Les Reports de Sr. Creswell Levinz: Jades un del Justices del Common Bank, en Trois Parts, Commencant en le 12 an de Roy Charles II. & Fini en le 8 an de son Majesty William III

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by Sir Creswell Levinz

Levinz's Reports
George Wythe bookplate.jpg
Title not held by The Wolf Law Library
at the College of William & Mary.
 
Author Sir Creswell Levinz
Editor
Translator
Published London: Printed by the assigns of Richard and Edward Atkins esq; for S. Keble ... D. Browne ... T. Benskin ... and J. Walthoe
Date 1702
Edition
Language French
Volumes 2 volume set
Pages
Desc. Folio

Sir Creswell Levinz (1627–1701) was a judge, the second son of William Levinz and Mary Creswell. Born in Evenley, Levinz became in 1648 a sizar, or research fellow, at Trinity College, Cambridge, but never graduated. He entered Gray's Inn in November 1655 and was called to the bar in November 1661. On October 2, 1678, Levinz was knighted, and on October 25 he was appointed king's counsel. The latter position led him to represent the crown in the famous Popish Plot trials of 1678–1679. On October 27, 1679, Levinz was appointed attorney general. The following year, he married Elizabeth Livesay.[1]

On February 12, 1681, Levinz was appointed as a judge in the Court of Common Pleas and appointed sergeant-at-law. On February 9, 1686, he was dismissed from his position on the court "because, too inflexible in the cause of independence and right, he had resolutely opposed the King's [James II] dispensing power."[2] After the Glorious Revolution of 1688, he was returned to the bar. Levins stopped practicing law in 1696. He died at Serjeants' Inn on January 29, 1701, and was buried at Evenley, where a monument to him and his standing effigy in robes are located.[3]

Levinz' Reports was published in 1702 as a folio volume in three parts. It was republished in 1722 in two volumes when it was translated from Law French into English.[4] The cases listed in the Reports were cases decided en banc in the Court of King's Bench, from 1660 through 1696. The first part of the Reports contains cases from 1660 through 1671 under the Chief Justiceships of Sir Robert Foster, Sir Robert Hide, and Sir John Keeling. The second part includes cases from 1671 through 1681 under the Chief Justiceships of Sir Matthew Hale, Sir Richard Rainsford, and Sir William Scroggs. The final part contains cases cases through 1696, from the remainder of Levinz' time practicing law.

The Reports gained a mixed reputation. One justice described a reported opinion as "so absurd ... [one] can lay no weight on it;" yet, the book was cited often and described as "of authority."[5] After Levinz' death, Lord Philip York, 1st Earl of Hardwicke, stated that Levinz was "a good lawyer, [but] he was sometimes a very careless reporter."[6] Although the Reports received adverse criticism[7] from the legal community of the time, there is no evidence that Levinz intended his private collection of reports and records to be published.[8]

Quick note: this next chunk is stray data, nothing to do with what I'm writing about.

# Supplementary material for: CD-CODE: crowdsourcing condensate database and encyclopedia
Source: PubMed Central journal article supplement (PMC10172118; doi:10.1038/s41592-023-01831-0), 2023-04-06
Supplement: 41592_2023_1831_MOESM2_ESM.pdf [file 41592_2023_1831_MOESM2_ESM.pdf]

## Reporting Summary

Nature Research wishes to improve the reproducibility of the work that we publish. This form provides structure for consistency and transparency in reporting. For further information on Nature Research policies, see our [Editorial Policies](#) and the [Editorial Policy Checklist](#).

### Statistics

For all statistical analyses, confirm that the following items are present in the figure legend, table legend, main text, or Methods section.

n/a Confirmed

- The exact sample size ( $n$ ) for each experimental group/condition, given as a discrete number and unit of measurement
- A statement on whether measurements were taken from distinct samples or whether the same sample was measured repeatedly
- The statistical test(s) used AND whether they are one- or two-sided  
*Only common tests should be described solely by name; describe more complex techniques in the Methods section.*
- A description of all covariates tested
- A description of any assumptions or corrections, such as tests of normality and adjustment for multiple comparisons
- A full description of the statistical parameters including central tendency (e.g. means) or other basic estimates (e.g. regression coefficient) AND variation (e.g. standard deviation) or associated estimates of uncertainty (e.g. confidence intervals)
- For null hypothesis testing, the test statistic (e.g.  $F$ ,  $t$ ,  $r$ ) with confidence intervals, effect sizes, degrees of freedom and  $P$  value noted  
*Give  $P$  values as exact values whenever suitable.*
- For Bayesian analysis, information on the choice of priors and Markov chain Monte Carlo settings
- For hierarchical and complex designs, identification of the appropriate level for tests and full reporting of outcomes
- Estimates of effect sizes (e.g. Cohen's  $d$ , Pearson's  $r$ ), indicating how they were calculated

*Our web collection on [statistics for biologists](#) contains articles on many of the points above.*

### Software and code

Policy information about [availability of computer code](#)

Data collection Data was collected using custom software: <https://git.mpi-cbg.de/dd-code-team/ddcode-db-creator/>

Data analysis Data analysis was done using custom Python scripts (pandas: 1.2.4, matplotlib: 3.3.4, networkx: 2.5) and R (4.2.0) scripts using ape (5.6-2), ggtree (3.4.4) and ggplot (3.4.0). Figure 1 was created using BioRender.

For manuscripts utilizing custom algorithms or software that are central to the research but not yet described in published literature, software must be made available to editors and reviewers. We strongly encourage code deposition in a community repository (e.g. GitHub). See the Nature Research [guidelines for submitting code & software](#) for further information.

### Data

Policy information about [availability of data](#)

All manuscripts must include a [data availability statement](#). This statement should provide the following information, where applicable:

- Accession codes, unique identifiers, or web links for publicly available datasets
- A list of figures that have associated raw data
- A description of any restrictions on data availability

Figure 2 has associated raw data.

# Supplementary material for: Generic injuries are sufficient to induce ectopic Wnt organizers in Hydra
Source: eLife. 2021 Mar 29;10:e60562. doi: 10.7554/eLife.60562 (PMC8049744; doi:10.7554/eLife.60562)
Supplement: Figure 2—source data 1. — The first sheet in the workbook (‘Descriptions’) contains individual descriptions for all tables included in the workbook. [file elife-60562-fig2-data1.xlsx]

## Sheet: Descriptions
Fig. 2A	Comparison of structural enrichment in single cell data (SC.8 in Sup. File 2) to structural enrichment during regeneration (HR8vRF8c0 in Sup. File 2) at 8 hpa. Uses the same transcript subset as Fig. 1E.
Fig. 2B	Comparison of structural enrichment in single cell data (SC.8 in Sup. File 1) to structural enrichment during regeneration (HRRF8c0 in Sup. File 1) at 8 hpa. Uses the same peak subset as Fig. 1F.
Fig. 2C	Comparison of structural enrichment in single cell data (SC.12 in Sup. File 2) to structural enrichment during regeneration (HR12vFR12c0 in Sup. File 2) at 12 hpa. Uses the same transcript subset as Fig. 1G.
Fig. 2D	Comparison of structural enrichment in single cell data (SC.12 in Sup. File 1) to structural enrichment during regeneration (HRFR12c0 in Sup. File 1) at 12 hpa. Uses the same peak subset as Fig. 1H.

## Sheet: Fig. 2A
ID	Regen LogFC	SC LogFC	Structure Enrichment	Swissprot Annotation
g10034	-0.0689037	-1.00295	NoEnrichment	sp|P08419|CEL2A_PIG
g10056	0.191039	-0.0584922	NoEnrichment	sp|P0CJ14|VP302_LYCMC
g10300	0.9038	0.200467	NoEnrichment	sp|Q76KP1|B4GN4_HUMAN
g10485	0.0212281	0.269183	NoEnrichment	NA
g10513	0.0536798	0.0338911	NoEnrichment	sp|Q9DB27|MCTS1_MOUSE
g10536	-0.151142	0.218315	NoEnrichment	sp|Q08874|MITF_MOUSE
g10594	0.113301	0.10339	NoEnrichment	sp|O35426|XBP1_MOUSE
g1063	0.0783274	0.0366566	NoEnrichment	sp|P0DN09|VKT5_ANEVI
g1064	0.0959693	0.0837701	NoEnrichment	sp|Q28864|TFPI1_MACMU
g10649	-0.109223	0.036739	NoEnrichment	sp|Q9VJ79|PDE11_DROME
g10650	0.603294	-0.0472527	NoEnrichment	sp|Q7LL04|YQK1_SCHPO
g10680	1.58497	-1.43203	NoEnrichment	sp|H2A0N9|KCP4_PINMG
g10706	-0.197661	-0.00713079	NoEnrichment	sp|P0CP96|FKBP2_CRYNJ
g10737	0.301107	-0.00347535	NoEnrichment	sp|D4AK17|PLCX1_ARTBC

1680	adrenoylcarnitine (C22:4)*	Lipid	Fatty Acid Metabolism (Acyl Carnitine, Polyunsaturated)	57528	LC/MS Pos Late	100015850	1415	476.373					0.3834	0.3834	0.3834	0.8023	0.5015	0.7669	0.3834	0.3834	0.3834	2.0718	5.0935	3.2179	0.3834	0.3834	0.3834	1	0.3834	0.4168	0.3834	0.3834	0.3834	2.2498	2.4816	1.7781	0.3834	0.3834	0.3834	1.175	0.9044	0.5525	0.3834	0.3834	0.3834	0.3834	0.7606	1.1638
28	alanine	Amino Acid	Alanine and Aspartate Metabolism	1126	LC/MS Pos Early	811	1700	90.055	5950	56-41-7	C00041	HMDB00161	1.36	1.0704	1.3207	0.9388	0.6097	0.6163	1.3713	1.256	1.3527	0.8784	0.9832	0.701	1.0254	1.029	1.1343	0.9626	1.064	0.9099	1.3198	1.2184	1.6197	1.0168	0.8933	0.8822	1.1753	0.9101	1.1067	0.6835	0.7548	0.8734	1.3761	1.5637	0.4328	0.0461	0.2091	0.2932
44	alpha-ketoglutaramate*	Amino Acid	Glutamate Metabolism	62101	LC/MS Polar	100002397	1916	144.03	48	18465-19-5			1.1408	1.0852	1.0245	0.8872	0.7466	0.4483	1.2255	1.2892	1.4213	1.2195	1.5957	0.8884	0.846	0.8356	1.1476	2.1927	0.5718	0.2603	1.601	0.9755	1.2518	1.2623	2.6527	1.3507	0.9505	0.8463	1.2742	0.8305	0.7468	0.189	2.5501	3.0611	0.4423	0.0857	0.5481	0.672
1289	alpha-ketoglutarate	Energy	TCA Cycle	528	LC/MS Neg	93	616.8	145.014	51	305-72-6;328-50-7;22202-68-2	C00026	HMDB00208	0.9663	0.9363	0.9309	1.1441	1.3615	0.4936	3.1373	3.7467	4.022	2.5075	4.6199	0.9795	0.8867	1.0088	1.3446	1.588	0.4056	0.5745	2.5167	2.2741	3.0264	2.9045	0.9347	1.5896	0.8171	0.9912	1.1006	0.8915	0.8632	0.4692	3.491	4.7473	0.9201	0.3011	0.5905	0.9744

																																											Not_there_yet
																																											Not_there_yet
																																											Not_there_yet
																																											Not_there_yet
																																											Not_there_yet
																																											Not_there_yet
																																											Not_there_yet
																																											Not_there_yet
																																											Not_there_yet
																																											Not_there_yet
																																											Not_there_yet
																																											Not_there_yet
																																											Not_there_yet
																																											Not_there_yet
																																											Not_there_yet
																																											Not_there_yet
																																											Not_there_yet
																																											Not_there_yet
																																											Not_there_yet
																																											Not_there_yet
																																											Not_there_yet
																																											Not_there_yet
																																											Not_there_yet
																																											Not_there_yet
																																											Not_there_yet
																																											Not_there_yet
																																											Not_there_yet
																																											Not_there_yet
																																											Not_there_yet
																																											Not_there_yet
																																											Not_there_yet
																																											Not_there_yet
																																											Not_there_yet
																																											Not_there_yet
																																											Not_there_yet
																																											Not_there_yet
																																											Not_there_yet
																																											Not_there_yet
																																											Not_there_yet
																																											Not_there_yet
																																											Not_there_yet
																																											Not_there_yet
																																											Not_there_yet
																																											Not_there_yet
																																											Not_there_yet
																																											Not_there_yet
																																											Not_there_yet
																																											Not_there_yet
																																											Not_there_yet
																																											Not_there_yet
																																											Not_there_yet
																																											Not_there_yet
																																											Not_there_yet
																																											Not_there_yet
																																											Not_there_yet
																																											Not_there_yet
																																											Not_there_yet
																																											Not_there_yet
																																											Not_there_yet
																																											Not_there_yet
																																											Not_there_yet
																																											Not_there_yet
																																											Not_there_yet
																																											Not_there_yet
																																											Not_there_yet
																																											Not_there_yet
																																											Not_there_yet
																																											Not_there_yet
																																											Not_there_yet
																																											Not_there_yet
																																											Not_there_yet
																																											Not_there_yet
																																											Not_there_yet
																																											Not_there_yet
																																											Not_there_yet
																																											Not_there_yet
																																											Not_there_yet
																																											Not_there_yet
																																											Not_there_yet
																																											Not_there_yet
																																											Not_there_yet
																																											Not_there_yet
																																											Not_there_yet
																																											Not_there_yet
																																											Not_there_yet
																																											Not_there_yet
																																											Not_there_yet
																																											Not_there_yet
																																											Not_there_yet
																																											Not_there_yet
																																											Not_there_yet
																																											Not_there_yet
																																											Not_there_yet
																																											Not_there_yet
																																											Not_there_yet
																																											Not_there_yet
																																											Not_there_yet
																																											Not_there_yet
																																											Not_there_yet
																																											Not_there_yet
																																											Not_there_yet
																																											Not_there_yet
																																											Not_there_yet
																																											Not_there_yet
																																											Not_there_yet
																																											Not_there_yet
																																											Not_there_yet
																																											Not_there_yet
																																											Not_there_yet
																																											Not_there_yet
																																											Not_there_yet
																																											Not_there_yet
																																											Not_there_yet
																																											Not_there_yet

Evidence for Inclusion in Wythe's Library

There is no doubt that George Wythe owned Les Reports de Sr. Creswell Levinz—a copy of the first edition (1702) at the Library of Congress includes Wythe's bookplate as well as annotations by Wythe and Thomas Jefferson.[9] Jefferson listed "Levinz’s [rep] 2.v. fol." in his inventory of Wythe's Library, noting that he kept the volume himself. He later sold it to the Library of Congress. Not surprisingly, all four of the Wythe Collection sources (Goodwin's pamphlet[10], Dean's Memo[11], Brown's Bibliography[12] and George Wythe's Library[13] on LibraryThing) list the first edition of Levinz's Reports.

As yet, the Wolf Law Library has not been able to purchase a copy of this title.

See also

References

  1. D. E. C. Yale, "Levinz, Sir Creswell (1627–1701)," Oxford Dictionary of National Biography (Oxford University Press, 2004- ), accessed February 16, 2015.
  2. John William Wallace, The Reporters, Arranged and Characterized with Incidental Remarks, 4th ed., rev. and enl. (Boston: Soule and Bugbee, 1882), 306.
  3. Ibid.
  4. Ibid.
  5. Wallace, The Reporters, Arranged and Characterized with Incidental Remarks, 305.
  6. Edward Foss, Biographia Juridica: A Biographical Dictionary of the Judges of England from the Conquest to the Present Time, 1066-1870, (London: John Murray, 1870), 406-407.
  7. Ibid.
  8. Yale, "Levinz, Sir Creswell (1627–1701)."
  9. E. Millicent Sowerby, Catalogue of the Library of Thomas Jefferson, (Washington, D.C.: The Library of Congress, 1952-1959), 2:343 [no.2068].
  10. Mary R. M. Goodwin, The George Wythe House: Its Furniture and Furnishings (Williamsburg, Virginia: Colonial Williamsburg Foundation Library, 1958), XLV.
  11. Memorandum from Barbara C. Dean, Colonial Williamsburg Found., to Mrs. Stiverson, Colonial Williamsburg Found. (June 16, 1975), 2, 6a, 4 (on file at Wolf Law Library, College of William & Mary).
  12. Bennie Brown, "The Library of George Wythe of Williamsburg and Richmond," (unpublished manuscript, May, 2012, rev. May, 2014) Microsoft Word file. Earlier edition available at: https://digitalarchive.wm.edu/handle/10288/13433.
  13. LibraryThing, s.v. "Member: George Wythe," accessed on March 4, 2015.